OPINION

Commentary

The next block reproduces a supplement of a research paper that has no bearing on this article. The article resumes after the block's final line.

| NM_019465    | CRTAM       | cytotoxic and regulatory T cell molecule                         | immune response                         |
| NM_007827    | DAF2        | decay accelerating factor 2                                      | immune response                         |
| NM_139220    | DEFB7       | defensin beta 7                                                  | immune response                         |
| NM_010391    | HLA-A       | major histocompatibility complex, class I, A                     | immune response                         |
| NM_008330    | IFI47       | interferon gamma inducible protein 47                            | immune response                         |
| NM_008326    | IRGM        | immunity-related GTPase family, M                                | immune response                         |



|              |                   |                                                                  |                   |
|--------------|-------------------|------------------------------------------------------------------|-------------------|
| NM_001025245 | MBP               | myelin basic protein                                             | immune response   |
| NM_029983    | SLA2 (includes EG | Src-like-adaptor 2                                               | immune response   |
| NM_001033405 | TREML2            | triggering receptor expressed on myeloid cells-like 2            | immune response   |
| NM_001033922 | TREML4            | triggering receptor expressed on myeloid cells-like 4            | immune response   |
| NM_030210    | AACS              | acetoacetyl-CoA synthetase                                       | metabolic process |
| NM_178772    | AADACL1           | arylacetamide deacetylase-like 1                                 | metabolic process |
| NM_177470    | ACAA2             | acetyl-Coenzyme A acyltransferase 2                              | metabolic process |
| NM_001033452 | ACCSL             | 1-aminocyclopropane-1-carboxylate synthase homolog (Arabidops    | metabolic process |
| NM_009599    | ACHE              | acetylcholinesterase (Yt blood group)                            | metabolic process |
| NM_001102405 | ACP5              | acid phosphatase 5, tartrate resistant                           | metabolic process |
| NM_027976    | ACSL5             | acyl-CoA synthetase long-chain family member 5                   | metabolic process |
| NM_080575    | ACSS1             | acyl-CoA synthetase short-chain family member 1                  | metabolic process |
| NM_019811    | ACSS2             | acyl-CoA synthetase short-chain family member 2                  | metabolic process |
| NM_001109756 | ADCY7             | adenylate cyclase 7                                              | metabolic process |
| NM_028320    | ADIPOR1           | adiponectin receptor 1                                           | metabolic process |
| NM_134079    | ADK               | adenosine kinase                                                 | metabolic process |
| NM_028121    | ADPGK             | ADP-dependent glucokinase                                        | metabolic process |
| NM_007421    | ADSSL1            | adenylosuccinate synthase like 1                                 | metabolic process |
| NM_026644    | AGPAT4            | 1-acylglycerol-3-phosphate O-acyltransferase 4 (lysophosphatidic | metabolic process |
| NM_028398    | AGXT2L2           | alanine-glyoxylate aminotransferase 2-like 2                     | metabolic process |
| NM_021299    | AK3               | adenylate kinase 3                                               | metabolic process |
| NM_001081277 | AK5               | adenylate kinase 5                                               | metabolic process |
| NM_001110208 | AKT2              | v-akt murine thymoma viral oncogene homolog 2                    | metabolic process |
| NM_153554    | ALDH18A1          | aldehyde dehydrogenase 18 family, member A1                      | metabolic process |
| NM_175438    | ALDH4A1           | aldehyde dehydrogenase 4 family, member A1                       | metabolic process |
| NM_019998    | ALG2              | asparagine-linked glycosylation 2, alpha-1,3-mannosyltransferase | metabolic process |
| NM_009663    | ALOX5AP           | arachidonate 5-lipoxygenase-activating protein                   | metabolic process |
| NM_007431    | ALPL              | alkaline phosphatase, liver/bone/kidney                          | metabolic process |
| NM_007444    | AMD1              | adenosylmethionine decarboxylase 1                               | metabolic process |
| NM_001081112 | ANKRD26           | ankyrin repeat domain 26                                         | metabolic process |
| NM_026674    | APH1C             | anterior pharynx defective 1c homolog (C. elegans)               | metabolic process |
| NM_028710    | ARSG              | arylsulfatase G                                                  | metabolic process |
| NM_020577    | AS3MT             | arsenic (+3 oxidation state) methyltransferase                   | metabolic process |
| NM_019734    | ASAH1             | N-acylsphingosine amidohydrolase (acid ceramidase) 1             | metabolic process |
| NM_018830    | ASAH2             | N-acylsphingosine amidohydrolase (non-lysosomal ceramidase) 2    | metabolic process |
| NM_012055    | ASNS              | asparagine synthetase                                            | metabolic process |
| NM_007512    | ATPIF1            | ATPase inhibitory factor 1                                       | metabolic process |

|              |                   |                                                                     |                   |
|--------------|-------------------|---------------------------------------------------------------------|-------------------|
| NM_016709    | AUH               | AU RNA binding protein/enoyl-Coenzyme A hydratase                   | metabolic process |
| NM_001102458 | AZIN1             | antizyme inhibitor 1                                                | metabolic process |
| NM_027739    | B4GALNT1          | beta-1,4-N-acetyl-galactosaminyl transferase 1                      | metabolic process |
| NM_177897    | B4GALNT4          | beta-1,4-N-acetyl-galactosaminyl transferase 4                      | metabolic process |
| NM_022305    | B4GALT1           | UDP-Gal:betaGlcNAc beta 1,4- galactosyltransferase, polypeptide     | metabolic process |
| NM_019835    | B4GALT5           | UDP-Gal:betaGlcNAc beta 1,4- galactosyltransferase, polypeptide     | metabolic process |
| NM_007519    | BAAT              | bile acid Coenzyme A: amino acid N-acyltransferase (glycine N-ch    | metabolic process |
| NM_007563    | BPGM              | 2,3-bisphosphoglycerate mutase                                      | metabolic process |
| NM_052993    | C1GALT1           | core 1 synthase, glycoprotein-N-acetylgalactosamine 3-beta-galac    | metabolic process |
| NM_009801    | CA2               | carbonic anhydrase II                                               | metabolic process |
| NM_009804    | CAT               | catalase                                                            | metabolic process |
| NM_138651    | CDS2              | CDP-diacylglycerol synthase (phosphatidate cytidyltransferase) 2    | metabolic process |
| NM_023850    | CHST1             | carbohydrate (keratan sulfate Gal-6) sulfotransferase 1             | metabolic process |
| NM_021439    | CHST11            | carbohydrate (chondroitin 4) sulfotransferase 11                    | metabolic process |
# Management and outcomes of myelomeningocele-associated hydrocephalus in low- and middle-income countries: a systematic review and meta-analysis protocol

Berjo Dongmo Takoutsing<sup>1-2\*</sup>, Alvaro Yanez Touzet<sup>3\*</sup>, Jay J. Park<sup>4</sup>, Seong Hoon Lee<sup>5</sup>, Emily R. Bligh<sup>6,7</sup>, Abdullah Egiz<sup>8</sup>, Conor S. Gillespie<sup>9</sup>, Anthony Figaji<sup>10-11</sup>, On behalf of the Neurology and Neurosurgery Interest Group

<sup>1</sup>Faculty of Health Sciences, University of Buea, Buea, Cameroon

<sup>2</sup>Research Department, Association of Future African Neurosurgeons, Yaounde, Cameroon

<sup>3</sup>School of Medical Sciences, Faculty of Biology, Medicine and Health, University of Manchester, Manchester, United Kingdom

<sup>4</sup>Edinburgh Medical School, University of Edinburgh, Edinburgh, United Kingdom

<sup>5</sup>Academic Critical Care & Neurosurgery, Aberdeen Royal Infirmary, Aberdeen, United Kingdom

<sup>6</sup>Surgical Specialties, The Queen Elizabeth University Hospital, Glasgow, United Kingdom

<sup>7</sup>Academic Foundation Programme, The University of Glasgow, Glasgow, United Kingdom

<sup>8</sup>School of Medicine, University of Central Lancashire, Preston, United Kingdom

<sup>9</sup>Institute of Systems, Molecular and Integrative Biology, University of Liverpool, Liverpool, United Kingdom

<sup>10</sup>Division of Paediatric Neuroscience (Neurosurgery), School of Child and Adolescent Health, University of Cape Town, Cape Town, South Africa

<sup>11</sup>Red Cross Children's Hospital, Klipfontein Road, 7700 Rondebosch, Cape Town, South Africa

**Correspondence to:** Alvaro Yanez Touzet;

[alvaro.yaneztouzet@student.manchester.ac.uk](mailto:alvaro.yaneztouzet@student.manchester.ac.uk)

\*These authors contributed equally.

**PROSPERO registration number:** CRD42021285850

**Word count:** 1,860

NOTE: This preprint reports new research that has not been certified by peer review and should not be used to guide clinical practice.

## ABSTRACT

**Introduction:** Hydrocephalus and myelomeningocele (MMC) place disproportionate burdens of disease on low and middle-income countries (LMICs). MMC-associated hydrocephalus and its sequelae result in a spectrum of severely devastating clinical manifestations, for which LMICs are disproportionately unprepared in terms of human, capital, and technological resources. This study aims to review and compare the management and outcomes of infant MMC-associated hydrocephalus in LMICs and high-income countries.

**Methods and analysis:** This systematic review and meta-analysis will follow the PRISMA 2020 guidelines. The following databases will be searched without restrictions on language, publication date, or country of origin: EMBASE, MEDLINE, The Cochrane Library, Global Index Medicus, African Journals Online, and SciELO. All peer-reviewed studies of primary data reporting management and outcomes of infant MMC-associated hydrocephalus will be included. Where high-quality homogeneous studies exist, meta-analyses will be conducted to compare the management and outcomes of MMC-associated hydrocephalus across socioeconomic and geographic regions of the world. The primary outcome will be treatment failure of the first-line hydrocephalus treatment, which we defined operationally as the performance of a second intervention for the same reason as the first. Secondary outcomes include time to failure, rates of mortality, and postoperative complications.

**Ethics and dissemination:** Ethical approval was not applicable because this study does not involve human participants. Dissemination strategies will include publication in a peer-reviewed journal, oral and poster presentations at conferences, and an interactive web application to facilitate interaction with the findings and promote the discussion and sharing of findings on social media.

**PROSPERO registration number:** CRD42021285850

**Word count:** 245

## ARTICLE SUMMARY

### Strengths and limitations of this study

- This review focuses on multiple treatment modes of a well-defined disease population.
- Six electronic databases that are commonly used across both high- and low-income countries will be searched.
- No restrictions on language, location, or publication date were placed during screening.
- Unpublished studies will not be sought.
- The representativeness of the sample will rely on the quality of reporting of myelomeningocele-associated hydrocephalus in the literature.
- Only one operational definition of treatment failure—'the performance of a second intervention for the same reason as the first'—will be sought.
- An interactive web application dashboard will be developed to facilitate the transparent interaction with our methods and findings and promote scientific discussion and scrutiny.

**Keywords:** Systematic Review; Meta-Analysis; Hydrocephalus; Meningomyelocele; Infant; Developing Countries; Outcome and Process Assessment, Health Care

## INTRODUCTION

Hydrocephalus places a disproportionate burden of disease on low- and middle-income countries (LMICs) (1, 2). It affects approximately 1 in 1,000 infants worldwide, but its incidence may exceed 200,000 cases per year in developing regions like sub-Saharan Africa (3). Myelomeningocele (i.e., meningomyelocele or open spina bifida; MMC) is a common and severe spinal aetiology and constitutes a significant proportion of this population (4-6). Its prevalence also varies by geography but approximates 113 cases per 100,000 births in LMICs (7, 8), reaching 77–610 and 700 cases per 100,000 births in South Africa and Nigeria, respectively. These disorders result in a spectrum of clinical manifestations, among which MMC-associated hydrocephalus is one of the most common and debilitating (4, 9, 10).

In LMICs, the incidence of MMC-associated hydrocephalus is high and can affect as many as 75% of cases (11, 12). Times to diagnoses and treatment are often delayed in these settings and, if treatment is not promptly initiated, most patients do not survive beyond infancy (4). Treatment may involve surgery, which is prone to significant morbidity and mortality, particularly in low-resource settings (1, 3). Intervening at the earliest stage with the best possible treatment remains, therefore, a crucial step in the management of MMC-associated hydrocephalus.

The heavy bombing campaigns, the military aid to opposition fighters and the continuing US air strikes during the Afghan war have played a decisive role in bringing about the Taleban’s military defeat. The Taleban regime is on the brink of collapse and if it still maintains some control in the region of Kandahar, this is due to the reluctance of the Northern Alliance to march south into Pashtun territory. It is extremely unlikely that the Taleban will manage to rally their troops and organize a strong guerrilla movement. It is a major mistake to draw parallels with the armed struggle against the Soviets. All Mujahedin factions took part in that war, and the rebels were backed by Pakistan, the USA and Saudi Arabia. This time, the Taleban are totally isolated. At best, they will manage to prolong their resistance for some time. The duration of the current, frail equilibrium will depend on whether the Americans will manage to rally a sufficient number of local troops to launch the final assault together with Western commando forces. This is linked to the difficult task of setting up a new government, which has become even harder after the fall of Kabul into the hands of the Northern Alliance, who thus presented them with a fait accompli. The Americans’ first priority is eliminating Osama bin Laden and disrupting the Al Qaeda network rather than reaching a settlement on the future of Afghanistan. In effect, they are not going to put pressure on leaders to accept the new government hammered out by the State Department. For the time being, their main aim is to block all exit routes. There can be no safe prediction about the outcome of the campaign as there is no reliable information. If the enemy is still in Kandahar, then it will most probably remain trapped there. Its elimination is, of course, a decisive step but does not necessarily signify the final crackdown on Islamist terrorism. Al Qaeda is a decentralized terrorist network and it has probably not lost all of its operational capabilities. Even more importantly, however, the ideological assembly line for the production of jihad martyrs has not only remained in place but has also gained a new momentum after bin Laden’s example.